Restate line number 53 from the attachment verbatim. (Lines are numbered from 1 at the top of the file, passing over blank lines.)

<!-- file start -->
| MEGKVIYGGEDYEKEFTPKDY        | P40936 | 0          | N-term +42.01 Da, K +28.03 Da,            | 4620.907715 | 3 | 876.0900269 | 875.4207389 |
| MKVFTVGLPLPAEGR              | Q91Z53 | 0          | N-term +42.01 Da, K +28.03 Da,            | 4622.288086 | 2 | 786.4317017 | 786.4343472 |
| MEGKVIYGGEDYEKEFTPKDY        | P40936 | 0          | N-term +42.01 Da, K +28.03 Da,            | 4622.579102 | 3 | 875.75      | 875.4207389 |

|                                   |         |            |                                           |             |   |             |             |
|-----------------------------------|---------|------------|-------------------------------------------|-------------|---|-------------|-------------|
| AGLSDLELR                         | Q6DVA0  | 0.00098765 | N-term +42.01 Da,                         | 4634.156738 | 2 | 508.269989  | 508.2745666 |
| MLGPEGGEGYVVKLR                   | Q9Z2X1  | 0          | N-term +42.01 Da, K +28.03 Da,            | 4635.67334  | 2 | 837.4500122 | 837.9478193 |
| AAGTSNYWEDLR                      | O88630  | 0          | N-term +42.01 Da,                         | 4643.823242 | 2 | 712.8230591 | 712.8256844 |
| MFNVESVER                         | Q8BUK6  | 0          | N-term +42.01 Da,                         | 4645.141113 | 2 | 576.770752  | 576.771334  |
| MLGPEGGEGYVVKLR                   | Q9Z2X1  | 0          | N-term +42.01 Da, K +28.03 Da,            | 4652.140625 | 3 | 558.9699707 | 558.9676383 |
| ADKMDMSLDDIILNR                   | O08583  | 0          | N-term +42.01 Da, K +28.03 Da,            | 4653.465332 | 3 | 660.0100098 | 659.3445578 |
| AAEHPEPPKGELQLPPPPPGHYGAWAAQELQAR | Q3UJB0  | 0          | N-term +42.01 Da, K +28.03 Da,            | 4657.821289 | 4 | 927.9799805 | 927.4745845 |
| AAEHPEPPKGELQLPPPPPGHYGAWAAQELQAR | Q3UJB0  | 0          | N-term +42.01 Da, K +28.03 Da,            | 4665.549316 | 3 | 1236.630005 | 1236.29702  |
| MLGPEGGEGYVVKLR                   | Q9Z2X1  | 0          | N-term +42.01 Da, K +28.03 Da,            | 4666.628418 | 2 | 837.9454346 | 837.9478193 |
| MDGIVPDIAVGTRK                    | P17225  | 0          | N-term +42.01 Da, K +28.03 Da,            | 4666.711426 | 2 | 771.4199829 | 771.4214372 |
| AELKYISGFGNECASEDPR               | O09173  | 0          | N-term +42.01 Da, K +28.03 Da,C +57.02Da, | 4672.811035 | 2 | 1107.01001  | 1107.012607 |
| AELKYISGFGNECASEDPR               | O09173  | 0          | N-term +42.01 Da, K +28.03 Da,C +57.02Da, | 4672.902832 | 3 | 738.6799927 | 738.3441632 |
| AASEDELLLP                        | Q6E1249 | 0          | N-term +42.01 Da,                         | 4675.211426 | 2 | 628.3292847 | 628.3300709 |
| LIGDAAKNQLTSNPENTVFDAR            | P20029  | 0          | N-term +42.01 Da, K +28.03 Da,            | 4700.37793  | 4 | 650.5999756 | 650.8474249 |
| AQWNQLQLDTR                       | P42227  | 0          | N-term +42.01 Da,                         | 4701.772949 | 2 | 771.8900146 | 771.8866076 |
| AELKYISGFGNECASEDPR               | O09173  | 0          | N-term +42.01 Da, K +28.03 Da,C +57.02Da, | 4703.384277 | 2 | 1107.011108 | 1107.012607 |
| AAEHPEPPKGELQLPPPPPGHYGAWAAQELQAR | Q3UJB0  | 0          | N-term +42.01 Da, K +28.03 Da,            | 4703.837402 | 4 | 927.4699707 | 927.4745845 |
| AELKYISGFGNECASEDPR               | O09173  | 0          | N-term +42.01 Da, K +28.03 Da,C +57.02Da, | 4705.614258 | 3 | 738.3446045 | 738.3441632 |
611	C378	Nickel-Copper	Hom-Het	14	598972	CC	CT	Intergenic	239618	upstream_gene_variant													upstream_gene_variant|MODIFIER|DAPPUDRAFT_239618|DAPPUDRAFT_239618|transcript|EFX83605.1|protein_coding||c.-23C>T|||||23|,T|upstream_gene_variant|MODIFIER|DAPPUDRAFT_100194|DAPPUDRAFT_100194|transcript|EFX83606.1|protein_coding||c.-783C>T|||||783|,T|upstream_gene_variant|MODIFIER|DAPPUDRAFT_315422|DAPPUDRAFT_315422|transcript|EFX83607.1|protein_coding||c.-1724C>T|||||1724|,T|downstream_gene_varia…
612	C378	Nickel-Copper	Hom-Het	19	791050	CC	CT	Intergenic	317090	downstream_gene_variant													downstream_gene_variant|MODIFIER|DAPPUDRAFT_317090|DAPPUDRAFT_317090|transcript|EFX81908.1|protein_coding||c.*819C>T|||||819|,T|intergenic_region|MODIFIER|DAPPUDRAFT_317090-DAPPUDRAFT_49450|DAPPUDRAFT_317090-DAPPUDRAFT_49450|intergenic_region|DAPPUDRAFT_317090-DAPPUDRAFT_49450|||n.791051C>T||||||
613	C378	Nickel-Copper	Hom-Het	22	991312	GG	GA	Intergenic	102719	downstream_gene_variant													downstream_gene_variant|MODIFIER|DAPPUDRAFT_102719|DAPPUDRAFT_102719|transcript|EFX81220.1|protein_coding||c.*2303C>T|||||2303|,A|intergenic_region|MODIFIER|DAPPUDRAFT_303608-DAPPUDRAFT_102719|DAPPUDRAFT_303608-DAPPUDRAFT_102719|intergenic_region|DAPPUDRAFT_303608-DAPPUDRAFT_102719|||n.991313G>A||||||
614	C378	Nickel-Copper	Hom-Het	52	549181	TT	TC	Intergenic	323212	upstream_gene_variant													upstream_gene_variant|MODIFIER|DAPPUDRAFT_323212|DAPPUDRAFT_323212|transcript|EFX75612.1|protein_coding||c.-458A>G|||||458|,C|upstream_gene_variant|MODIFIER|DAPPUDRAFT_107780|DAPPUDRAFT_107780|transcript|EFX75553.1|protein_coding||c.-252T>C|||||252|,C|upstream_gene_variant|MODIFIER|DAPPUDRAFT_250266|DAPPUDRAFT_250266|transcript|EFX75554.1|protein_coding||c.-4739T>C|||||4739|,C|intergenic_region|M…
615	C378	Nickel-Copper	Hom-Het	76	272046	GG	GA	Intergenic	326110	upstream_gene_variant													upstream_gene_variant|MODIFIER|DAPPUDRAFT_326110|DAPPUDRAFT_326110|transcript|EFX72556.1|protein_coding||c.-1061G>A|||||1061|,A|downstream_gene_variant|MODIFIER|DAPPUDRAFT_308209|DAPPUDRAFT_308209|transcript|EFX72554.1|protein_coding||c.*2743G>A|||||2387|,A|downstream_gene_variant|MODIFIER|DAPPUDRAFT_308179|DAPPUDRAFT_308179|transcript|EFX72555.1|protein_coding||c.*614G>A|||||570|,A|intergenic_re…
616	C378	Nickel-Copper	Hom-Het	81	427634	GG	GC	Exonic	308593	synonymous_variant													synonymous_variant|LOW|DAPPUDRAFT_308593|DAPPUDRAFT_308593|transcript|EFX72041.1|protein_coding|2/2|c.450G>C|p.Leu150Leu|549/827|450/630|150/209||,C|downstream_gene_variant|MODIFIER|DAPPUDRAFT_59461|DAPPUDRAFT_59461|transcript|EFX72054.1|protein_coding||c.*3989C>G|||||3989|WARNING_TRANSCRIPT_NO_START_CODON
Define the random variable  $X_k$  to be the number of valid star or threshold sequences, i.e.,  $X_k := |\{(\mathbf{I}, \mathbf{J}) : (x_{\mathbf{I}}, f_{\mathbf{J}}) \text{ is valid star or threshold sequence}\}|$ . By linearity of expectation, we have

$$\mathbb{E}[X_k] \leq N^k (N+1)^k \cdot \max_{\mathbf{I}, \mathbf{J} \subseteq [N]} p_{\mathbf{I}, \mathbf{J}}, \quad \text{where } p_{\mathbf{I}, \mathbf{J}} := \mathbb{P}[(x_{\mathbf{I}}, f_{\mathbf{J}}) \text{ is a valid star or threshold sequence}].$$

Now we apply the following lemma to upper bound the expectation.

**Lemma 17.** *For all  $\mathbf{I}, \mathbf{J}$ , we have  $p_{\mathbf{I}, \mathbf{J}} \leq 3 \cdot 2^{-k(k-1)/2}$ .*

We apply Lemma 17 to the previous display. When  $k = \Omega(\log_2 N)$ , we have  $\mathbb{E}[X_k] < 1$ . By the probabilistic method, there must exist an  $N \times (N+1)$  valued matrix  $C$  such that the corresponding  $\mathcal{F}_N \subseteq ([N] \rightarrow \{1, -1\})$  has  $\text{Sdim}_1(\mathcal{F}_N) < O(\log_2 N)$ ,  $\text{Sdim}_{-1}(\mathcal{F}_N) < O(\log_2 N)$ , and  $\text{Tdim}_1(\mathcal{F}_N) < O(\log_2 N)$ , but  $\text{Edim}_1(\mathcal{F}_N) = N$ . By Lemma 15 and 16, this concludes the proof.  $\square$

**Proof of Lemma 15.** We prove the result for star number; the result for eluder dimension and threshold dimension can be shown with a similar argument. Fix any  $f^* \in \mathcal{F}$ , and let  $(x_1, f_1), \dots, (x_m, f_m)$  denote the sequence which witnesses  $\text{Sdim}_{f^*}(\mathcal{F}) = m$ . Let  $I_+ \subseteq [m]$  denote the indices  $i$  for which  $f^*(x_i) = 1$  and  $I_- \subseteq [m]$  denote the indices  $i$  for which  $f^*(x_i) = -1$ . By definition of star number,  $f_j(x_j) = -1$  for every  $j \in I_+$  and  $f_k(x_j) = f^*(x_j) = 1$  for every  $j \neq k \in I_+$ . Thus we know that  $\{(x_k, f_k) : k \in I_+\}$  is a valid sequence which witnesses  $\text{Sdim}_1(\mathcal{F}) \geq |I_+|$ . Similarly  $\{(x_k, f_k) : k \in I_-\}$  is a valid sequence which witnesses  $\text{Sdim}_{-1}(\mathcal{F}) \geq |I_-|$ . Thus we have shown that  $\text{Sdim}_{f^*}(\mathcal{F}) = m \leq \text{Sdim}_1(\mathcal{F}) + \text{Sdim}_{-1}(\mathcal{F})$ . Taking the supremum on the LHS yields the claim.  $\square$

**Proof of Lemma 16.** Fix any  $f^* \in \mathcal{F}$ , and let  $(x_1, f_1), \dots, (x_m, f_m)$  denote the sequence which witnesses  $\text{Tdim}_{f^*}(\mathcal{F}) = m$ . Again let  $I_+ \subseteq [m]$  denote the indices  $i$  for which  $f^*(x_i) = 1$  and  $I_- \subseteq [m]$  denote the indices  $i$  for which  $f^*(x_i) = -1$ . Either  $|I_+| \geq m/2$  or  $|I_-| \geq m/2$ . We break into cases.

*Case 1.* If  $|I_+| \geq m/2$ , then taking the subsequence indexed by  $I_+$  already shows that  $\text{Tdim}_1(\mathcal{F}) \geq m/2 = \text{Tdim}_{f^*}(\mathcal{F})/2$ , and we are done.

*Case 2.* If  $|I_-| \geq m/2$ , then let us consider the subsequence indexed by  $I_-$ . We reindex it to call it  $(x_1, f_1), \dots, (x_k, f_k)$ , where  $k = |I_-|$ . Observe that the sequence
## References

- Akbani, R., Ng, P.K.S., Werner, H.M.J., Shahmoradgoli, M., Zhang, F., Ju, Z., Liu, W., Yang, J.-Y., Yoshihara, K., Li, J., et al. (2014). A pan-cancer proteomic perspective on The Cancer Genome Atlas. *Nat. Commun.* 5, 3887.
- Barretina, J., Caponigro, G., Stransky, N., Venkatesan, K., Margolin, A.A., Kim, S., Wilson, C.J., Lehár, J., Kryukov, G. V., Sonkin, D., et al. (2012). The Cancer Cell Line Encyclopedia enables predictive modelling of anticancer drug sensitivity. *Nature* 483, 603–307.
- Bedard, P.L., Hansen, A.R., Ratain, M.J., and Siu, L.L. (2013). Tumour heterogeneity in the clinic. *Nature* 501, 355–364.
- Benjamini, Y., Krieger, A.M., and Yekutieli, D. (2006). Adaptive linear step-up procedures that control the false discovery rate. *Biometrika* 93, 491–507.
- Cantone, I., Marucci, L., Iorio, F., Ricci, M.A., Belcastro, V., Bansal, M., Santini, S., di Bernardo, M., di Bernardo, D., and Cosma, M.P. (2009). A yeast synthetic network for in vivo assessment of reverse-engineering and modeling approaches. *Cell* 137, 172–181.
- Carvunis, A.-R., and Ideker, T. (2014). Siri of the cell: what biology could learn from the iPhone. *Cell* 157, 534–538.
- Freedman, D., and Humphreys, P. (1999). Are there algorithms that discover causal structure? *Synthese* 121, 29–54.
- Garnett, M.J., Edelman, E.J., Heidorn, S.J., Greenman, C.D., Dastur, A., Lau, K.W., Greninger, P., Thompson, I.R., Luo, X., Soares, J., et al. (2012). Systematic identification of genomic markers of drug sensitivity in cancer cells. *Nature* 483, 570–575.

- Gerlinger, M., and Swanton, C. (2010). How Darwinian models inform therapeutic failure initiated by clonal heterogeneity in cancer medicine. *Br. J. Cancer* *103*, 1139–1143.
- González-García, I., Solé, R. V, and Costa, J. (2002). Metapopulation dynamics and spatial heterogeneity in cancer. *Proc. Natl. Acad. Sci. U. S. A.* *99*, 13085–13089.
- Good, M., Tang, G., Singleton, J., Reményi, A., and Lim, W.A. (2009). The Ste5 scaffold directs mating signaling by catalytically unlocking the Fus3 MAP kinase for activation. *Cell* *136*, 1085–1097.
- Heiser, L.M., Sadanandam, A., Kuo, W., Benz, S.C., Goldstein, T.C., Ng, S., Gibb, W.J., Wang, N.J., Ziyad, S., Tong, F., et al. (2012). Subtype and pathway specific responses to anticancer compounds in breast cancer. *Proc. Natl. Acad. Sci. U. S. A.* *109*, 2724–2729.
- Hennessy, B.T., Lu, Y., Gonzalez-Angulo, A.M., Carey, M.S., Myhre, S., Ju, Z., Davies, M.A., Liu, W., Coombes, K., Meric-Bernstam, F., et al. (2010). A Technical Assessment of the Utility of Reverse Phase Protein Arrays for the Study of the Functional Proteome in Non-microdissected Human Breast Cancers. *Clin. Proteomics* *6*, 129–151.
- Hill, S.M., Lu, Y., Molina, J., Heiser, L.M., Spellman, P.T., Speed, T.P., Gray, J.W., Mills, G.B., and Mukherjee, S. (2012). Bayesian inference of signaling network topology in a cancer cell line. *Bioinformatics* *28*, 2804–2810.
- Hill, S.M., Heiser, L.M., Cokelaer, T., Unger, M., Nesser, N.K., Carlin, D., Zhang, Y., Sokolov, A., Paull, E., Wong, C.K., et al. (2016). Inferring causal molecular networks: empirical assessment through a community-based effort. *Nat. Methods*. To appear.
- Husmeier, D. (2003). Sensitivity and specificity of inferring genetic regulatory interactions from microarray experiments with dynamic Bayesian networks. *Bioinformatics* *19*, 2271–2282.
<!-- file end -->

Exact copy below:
- Hill, S.M., Lu, Y., Molina, J., Heiser, L.M., Spellman, P.T., Speed, T.P., Gray, J.W., Mills, G.B., and Mukherjee, S. (2012). Bayesian inference of signaling network topology in a cancer cell line. *Bioinformatics* *28*, 2804–2810.